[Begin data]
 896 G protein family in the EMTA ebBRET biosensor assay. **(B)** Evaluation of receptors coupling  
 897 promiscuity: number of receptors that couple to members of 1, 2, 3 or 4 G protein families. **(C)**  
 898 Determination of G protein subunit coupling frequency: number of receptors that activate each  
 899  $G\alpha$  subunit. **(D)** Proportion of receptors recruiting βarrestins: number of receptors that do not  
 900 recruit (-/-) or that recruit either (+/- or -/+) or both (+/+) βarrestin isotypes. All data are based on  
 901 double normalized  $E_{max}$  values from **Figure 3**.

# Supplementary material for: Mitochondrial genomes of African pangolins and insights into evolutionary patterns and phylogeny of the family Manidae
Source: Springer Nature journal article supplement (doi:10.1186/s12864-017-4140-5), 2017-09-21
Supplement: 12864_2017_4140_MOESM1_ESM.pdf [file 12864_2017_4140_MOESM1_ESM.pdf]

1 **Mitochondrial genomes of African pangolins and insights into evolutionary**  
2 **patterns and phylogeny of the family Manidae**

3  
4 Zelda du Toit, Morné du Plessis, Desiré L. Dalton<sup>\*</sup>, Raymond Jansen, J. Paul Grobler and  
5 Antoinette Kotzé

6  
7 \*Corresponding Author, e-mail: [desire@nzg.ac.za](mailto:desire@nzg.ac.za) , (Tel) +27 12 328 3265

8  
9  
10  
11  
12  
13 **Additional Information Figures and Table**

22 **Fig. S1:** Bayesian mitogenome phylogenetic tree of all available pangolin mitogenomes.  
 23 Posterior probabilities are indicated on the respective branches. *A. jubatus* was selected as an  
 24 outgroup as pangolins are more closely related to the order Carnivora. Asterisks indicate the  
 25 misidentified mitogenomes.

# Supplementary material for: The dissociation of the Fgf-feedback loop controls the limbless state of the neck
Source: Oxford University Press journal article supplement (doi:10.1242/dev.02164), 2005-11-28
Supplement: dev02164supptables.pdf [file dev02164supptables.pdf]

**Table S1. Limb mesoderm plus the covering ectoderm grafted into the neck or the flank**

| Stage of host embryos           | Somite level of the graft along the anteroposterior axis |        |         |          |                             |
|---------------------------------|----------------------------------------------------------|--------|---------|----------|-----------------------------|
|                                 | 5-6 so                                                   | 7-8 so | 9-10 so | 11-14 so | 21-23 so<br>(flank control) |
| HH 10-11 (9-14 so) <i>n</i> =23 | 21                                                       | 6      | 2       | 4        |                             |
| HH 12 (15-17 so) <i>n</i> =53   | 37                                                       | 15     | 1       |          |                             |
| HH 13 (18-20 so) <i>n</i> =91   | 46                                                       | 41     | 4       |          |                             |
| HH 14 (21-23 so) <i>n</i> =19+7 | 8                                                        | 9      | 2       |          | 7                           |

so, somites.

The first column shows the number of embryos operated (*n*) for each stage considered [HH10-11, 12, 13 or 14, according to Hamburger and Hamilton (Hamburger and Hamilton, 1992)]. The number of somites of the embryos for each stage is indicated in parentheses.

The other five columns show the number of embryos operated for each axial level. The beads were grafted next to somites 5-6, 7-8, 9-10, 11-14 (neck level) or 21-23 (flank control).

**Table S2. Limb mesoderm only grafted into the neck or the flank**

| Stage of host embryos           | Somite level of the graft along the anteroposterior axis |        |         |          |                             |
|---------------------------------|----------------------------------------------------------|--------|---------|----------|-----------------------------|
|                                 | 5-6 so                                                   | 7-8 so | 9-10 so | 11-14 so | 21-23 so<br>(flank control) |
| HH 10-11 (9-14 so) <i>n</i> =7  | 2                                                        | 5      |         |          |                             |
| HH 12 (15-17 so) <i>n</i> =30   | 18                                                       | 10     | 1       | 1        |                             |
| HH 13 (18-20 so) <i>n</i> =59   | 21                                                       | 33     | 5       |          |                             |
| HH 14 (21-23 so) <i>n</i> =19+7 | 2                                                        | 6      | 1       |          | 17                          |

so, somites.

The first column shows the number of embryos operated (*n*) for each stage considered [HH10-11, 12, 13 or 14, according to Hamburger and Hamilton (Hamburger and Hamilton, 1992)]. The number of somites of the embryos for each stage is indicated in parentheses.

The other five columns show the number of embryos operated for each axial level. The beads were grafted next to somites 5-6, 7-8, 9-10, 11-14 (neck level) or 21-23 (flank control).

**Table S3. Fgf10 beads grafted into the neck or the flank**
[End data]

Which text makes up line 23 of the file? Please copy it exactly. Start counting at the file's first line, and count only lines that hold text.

22 **Fig. S1:** Bayesian mitogenome phylogenetic tree of all available pangolin mitogenomes.  